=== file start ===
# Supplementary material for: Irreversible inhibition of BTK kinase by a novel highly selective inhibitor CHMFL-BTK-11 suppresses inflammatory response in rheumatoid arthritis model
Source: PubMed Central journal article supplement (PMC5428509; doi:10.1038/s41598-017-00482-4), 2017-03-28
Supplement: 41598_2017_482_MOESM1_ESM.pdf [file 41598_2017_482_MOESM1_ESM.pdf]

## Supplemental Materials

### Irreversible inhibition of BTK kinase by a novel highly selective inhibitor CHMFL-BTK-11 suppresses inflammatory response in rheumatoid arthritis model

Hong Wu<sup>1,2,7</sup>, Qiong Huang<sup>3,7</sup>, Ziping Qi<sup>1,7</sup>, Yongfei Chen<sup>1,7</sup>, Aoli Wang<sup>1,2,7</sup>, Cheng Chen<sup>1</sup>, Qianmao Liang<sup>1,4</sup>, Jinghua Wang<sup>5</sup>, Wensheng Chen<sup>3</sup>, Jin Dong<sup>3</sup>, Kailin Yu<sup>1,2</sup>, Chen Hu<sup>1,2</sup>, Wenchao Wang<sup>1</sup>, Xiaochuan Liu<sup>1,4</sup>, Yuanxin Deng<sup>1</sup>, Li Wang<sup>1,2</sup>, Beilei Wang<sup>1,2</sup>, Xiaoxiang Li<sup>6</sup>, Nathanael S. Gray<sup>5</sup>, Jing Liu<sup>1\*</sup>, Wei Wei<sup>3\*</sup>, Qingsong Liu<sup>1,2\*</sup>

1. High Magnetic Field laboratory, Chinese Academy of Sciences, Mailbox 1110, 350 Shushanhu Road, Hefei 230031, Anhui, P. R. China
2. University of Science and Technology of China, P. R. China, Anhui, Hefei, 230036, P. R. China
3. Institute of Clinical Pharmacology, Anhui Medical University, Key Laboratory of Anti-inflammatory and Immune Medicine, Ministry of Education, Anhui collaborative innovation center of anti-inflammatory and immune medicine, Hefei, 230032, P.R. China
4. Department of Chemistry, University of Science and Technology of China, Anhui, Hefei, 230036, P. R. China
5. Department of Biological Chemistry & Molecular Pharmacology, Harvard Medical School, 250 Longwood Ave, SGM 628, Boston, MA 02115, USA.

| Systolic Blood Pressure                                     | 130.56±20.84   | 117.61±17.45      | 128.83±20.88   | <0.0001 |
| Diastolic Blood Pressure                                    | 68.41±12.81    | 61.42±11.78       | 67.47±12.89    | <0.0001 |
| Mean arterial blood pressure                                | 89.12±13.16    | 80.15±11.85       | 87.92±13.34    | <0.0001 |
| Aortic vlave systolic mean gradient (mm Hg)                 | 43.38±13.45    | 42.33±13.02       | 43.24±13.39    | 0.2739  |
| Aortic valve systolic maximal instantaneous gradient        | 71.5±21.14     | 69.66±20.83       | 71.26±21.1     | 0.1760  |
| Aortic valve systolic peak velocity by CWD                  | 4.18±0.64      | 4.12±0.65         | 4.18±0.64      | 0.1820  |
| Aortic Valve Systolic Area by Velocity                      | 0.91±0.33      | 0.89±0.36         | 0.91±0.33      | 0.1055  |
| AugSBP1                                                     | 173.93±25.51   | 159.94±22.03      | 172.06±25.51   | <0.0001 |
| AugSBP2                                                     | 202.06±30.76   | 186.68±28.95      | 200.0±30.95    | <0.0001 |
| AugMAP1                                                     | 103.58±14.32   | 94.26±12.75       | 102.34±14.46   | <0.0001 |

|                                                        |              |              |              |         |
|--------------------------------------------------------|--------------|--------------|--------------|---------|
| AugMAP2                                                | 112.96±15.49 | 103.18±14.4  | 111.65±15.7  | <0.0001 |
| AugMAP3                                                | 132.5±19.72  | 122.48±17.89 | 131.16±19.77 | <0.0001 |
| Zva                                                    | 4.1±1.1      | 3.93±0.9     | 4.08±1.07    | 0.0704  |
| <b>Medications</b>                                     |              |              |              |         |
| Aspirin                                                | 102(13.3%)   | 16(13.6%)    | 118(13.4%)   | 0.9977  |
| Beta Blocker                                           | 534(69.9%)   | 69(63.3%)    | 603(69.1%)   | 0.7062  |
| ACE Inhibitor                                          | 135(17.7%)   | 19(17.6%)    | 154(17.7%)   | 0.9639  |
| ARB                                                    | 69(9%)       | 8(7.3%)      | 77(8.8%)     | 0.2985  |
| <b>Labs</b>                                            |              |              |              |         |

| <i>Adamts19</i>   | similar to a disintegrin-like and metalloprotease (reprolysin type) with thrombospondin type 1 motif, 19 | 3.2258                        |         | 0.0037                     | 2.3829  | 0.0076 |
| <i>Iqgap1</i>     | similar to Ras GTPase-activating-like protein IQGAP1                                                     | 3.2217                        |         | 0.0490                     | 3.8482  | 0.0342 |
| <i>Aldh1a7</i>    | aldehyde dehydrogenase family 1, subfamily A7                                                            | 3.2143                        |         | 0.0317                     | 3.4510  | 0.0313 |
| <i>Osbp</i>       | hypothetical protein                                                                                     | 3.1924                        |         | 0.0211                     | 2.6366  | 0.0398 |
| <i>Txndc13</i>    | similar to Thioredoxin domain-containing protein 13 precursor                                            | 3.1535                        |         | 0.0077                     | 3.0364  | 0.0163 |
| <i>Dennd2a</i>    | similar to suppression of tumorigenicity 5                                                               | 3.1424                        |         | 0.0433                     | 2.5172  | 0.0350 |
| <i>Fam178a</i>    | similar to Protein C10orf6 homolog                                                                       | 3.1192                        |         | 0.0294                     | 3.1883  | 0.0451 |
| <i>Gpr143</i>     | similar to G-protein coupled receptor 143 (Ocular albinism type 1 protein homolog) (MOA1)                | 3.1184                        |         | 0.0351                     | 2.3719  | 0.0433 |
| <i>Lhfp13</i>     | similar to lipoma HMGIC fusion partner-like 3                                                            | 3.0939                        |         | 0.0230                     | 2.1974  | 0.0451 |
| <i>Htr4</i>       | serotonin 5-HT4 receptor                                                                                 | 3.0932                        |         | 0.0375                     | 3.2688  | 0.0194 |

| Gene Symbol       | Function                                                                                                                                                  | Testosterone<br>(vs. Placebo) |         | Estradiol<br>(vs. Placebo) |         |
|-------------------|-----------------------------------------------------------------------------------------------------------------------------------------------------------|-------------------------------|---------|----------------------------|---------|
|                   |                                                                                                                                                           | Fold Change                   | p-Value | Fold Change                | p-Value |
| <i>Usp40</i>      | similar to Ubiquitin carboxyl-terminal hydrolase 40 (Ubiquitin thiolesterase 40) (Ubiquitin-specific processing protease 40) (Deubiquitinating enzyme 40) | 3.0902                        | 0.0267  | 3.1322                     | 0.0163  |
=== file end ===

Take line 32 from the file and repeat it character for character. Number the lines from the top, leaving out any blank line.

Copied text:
| <b>Labs</b>                                            |              |              |              |         |